Background: Hydroxyurea is an FDA approved medication for use in adults with sickle cell disease. Clinical guidelines, based on high quality evidence, recommend its use in all adults with sickle cell anemia and 3 or more moderate to severe pain crises within one year. Studies suggest its use to be inappropriately low. We assessed local physician trends and the usage of hydroxyurea in the management of sickle cell anemia and pain crises.
Methods: We retrospectively reviewed a database of patients with sickle cell anemia who were being followed in a hematology clinic. Patients were identified based on ICD codes for HbSS disease along with the following: pain crises, sickle cell crises, acute chest syndrome, pain in limbs, and splenic sequestration. Selected patients had 3 or more hospitalizations or emergency department visits within one year of chart review. We evaluated treatment and prescriptions for hydroxyurea following the third episode. A p-value of <0.05 was statistically significant.
Results: 28 patients had at least 3 pain-related hospitalizations or ED visits within 12 months. Among them, 12 were treated with hydroxyurea on follow-up subsequent to their third hospitalization. Barriers to use, as identified in the electronic medical record, included physician concern of side effects, concerns regarding contraception status, and problem with cost. It was unclear whether limited use of hydroxyurea stemmed from provider attitudes regarding treatment or patient preference. Consultation to a specialty hematology clinic occurred for only 10% of visits. The most frequent cited reasons for hydroxyurea use were frequent painful crises, chronic pain with frequent narcotic use, and acute chest syndrome.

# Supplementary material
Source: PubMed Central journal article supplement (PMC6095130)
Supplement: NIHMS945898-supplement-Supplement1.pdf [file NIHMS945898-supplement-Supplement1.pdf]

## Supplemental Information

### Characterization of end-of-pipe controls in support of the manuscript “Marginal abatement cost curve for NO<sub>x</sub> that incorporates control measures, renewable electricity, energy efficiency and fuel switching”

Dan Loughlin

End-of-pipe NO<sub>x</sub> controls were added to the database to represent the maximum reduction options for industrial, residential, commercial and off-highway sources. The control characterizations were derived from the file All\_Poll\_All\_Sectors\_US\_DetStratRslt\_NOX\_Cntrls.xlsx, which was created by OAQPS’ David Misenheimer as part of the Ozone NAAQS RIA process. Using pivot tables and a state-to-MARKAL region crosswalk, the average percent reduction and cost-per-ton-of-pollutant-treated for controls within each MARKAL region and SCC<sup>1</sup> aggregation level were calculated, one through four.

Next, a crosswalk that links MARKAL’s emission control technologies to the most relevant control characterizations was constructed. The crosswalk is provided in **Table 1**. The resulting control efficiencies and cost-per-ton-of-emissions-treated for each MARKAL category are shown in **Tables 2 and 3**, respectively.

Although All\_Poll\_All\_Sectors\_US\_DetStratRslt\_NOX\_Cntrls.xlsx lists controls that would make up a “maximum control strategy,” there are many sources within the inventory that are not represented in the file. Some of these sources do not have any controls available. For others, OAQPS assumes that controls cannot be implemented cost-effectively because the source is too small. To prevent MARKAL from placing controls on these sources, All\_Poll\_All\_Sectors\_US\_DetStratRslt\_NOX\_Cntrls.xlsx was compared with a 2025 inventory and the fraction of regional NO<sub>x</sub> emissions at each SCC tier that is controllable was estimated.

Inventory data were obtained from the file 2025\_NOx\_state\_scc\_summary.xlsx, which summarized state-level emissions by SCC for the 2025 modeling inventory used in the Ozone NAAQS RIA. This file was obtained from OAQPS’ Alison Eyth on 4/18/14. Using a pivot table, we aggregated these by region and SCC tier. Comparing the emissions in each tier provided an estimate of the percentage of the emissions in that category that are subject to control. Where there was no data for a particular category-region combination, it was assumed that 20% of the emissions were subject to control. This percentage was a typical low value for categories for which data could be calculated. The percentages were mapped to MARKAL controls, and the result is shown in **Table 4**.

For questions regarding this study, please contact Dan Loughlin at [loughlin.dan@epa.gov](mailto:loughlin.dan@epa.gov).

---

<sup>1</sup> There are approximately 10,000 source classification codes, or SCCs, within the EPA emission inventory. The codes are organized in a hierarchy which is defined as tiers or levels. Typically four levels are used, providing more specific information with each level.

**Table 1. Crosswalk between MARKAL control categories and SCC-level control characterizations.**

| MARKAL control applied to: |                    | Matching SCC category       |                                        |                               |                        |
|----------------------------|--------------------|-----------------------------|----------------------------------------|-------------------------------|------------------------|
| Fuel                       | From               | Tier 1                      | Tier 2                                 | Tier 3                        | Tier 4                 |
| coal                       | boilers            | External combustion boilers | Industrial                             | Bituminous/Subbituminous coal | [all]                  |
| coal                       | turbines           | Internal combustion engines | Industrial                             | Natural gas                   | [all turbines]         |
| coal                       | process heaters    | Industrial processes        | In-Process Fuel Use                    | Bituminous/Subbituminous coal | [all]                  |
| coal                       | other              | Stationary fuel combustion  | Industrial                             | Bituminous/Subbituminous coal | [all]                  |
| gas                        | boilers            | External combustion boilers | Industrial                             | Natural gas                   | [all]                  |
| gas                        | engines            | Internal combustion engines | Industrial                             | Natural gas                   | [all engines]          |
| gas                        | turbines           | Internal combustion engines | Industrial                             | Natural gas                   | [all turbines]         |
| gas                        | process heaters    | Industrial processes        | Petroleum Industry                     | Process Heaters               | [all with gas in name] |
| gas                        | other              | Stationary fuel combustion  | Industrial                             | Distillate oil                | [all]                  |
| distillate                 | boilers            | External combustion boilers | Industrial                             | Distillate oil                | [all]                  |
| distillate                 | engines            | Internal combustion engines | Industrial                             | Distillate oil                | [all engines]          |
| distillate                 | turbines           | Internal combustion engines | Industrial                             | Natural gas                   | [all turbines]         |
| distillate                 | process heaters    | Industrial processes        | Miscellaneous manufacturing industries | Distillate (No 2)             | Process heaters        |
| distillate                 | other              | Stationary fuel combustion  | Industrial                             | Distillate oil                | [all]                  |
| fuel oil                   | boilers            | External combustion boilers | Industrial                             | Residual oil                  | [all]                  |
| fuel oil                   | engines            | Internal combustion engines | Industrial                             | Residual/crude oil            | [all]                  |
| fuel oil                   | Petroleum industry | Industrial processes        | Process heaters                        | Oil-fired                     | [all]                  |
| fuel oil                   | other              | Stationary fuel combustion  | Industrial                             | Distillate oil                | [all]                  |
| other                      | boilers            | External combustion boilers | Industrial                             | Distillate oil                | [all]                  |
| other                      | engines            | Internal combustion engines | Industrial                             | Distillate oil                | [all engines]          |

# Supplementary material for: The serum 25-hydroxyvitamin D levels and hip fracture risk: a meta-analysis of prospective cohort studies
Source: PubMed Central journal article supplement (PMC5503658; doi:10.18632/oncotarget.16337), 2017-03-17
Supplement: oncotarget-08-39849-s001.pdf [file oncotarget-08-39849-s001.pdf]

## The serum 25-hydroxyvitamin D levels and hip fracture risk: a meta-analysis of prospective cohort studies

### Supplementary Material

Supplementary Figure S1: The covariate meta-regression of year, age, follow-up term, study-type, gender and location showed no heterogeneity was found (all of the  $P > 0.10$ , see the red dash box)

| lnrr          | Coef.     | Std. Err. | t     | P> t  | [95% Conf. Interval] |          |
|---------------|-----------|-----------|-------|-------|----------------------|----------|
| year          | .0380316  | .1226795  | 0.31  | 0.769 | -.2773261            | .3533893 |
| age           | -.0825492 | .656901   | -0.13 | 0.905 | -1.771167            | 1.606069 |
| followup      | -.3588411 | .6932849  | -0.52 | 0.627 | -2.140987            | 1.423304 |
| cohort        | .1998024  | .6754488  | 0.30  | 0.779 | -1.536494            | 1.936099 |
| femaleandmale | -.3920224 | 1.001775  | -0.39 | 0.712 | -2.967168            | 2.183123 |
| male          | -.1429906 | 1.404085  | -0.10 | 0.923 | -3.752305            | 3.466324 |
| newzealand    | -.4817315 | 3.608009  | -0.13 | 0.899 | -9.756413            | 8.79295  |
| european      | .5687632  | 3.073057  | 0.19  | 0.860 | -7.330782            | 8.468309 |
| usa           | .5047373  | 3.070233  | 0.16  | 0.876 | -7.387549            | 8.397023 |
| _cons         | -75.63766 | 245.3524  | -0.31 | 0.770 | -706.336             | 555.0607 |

Conclusions: Hydroxyurea is an important and effective therapy for patients with sickle cell disease. Despite its documented evidence demonstrating benefit in sickle cell patients with frequent pain crises, our results suggest underuse in by physicians in our studied health care facility. Prior studies showed similar trends. Further research is needed to identify barriers to treatment, including lack of comfort from prescribing physicians, lack of subspecialty hematology referral, cost, and/or physician beliefs regarding treatment efficacy. Our data includes a largely insured population, with more access to specialty care. We hypothesize that hydroxyurea use would be less in an underserved region, such as a major academic medical center. We hope to institute a quality improvement initiative to enhance patient outreach, clinical training, and quality measures to increased hydroxyurea use for sickle cell patients with frequent crises.